week, I wrote that our first
homegrown fig was good, but not sensational. Roasting the next
four figs instead of eating them raw definitely popped them up into the
delectable category, though, which started me thinking (again) about
In our climate, a fig
"tree" is never going to be much more than a bush. Any branches I
over the winter die
back, so the best case scenario is that our fig will expand upwards
from three foot tall trunks each spring. Since figs set fruit a
few at a time over a long season, that means our little fig bush will
be giving us four figs here and six figs there for a month or two,
which is clearly not going to be enough now that Mark and I have tasted
these homegrown fruits in their full glory.
good news is that figs have turned out to be the most disease- and
insect-resistant fruits (tied with strawberries and brambles) in our
garden, so installing more won't require much effort after the initial
planting. In fact, I'd read that figs are relatively easy to
propagate from cuttings, so I half-heartedly tried a few hardwood
cuttings this spring. (If I'd known what the roasted fruits
tasted like, I would have put in a bit more effort.) While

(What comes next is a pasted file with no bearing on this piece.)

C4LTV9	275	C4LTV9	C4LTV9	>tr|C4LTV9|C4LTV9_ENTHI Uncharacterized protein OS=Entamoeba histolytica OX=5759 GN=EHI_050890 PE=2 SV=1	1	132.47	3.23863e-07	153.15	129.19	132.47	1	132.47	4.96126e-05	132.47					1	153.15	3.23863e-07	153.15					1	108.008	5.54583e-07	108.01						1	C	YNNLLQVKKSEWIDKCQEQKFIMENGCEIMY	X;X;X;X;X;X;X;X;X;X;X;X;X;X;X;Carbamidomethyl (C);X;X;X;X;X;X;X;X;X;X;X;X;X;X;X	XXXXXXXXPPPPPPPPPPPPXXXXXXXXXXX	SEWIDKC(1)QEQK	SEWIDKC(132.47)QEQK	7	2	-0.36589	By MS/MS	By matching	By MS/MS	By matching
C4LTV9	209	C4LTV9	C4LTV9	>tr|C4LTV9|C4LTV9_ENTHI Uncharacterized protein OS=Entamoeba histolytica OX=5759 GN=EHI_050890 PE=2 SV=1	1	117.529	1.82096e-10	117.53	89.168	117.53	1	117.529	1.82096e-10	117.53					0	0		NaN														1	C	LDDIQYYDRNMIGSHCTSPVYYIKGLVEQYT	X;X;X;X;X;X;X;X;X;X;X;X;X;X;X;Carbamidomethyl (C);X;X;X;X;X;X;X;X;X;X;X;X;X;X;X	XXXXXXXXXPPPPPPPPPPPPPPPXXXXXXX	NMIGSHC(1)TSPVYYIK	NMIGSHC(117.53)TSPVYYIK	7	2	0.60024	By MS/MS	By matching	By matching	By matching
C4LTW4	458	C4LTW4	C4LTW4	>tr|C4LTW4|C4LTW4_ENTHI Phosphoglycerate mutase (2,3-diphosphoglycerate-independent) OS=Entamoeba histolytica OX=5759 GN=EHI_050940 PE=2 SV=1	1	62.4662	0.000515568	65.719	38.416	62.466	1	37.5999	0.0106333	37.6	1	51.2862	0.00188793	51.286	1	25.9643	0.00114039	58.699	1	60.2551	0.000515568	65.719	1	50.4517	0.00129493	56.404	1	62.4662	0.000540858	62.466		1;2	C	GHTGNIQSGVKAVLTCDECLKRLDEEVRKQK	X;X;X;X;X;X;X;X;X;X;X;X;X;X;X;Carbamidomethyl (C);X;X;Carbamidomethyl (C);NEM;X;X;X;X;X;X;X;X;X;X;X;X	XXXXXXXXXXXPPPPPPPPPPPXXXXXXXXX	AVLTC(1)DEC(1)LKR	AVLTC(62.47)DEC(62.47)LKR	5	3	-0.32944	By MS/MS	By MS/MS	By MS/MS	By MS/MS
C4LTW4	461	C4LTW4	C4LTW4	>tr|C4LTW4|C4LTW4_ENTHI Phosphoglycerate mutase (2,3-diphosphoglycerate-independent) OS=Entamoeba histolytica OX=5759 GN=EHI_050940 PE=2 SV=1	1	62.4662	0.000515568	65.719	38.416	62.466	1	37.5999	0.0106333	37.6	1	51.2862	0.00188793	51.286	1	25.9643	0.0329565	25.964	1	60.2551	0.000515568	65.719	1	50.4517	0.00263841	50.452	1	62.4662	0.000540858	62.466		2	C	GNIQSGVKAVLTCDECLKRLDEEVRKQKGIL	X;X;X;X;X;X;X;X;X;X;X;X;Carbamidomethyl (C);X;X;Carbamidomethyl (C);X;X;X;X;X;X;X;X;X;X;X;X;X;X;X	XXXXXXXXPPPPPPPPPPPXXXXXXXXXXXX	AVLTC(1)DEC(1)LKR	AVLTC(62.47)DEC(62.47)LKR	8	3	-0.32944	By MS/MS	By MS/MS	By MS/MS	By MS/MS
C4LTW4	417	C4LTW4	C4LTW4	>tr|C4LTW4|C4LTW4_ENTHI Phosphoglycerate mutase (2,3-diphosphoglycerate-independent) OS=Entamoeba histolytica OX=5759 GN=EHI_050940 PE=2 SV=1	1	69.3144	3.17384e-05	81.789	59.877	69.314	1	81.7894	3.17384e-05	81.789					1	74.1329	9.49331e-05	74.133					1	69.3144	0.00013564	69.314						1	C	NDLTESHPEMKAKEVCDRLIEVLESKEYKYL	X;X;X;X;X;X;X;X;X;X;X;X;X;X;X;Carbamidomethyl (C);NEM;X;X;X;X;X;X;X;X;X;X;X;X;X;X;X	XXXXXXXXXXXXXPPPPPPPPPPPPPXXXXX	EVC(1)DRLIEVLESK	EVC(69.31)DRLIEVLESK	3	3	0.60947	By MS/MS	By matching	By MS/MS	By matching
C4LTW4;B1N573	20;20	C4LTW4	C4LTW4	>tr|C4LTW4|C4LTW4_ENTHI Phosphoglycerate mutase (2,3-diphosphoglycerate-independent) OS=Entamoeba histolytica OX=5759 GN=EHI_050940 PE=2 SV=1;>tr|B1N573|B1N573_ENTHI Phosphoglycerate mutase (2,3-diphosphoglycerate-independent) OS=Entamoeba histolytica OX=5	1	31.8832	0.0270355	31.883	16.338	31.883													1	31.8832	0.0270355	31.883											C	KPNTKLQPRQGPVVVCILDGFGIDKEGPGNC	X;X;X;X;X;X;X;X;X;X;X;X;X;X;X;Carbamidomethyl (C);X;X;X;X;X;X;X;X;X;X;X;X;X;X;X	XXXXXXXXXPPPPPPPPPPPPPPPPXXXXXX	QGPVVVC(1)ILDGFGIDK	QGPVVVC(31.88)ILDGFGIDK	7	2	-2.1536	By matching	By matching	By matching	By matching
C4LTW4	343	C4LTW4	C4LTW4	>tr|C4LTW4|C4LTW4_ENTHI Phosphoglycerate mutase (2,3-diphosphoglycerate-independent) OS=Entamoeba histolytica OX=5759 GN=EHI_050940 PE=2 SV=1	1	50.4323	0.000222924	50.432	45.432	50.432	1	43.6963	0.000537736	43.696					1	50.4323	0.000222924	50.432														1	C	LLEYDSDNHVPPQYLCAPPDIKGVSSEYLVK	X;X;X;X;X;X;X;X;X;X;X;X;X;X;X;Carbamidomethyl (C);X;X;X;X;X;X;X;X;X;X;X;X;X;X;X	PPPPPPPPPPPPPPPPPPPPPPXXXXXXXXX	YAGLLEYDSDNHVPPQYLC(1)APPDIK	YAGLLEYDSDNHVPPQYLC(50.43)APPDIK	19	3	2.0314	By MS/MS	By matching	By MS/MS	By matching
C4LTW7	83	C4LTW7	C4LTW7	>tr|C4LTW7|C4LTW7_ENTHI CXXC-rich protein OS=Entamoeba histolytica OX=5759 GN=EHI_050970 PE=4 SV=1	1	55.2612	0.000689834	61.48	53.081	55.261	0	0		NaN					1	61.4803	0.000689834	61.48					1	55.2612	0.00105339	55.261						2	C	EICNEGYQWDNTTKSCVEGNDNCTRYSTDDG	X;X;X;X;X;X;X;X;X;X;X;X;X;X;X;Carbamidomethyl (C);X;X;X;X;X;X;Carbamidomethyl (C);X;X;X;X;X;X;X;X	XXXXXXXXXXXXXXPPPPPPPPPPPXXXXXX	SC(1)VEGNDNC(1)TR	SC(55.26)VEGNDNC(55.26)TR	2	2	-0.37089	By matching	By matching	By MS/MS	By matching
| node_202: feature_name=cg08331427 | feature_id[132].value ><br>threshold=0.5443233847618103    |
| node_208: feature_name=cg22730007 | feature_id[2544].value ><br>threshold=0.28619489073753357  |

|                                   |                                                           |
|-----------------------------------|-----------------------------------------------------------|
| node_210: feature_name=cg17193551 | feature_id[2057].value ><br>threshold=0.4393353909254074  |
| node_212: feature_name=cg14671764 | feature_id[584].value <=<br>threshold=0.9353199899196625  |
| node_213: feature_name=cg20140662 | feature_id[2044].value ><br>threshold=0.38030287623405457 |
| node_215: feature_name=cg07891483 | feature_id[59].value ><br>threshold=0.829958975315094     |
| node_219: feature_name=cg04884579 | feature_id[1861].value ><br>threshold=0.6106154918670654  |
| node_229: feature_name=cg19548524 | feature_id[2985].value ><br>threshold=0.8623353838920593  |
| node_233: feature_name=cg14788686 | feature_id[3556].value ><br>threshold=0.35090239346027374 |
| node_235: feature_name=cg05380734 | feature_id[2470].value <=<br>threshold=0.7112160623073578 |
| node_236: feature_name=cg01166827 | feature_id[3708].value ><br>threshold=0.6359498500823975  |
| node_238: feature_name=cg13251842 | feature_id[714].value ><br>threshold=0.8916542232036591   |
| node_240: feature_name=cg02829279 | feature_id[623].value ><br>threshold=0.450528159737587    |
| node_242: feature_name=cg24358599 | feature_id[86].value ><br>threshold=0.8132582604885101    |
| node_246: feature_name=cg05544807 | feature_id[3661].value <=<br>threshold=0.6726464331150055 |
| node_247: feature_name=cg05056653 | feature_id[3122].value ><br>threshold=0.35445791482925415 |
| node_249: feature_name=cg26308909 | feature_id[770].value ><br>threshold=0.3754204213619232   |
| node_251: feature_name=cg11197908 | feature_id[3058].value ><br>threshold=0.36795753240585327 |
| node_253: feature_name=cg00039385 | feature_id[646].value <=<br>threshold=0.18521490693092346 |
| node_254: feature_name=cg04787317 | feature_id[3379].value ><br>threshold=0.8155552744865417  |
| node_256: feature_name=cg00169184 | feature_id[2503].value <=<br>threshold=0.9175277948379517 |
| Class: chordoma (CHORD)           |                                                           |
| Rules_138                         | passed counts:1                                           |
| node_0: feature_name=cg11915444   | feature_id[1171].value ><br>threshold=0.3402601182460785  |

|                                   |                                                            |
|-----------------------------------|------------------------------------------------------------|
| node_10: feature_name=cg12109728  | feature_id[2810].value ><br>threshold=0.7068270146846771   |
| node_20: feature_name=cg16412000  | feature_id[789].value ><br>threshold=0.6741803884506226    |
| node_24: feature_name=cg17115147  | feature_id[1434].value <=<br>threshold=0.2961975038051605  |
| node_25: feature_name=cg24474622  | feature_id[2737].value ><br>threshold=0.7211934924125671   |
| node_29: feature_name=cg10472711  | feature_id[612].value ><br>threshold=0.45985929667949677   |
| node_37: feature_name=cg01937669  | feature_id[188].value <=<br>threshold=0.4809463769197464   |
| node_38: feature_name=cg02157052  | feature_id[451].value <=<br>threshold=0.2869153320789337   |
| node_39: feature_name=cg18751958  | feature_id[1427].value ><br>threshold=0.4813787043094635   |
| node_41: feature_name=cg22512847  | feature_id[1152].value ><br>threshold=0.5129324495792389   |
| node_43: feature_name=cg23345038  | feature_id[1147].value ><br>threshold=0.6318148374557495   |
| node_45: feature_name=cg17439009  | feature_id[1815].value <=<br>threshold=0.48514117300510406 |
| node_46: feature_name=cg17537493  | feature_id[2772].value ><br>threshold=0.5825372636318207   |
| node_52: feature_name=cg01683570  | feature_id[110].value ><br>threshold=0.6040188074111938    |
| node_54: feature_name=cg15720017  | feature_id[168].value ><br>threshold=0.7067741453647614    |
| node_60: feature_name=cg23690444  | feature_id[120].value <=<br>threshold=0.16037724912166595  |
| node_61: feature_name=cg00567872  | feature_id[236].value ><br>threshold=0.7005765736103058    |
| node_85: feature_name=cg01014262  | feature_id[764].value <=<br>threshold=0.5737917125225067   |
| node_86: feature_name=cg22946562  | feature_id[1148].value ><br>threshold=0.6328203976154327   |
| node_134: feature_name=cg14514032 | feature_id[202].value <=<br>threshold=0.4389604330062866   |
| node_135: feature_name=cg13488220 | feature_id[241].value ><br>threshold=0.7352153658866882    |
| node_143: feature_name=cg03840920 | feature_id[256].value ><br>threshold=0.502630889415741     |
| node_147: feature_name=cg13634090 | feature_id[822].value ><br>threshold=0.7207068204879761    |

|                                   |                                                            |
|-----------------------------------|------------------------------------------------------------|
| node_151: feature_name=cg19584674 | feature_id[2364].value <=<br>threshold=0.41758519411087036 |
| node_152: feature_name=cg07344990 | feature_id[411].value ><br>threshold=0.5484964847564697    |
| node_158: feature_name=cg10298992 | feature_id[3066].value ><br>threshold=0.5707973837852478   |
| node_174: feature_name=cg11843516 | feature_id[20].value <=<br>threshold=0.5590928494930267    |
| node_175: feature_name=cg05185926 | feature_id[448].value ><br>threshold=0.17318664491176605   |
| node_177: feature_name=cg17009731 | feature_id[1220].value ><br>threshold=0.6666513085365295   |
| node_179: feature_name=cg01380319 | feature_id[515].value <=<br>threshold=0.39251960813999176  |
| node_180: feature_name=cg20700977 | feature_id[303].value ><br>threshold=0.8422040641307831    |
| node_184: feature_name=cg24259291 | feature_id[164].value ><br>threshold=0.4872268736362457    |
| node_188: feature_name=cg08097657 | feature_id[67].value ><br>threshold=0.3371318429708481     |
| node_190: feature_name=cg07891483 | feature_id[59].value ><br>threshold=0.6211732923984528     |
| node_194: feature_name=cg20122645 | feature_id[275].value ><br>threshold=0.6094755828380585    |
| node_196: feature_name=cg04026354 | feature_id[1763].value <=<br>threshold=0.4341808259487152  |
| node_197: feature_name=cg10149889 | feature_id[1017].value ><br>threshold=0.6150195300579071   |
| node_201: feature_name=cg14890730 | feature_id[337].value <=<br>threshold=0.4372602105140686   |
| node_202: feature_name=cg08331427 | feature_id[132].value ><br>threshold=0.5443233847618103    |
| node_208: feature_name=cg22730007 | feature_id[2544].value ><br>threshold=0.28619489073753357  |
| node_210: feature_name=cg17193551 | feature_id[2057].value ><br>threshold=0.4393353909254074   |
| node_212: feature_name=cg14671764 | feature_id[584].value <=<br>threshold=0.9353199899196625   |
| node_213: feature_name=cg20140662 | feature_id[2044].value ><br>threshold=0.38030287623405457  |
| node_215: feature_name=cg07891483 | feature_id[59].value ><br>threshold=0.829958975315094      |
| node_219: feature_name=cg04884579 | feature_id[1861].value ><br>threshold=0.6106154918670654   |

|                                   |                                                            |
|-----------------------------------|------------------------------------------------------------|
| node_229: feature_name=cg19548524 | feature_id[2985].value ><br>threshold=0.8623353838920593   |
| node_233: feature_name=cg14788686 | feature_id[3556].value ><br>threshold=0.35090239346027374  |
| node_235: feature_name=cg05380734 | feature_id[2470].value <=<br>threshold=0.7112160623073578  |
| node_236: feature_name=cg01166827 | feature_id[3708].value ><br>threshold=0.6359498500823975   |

pruning, I snipped off a few young branches and inserted them into a
pot, covering the top with a bag to hold in moisture. The
cuttings leafed out, but I think I removed the bag too soon because the
greenery ended up dying back and the figs petering out.
I'm curious to hear from
those of you who have successfully propagated figs. Did you use
hardwood or softwood cuttings? In the garden or in pots?
During what time of year? There's a plenitude of information
about fig propagation on the internet, but as usual, I'm looking for
the lowest tech solution possible, even if the success rate is only 20%
--- we've got plenty of scionwood to play with, but limited time during
the growing season.
Our chicken waterer keeps the flock healthy and
the chicken-keeper happy with POOP-free water.
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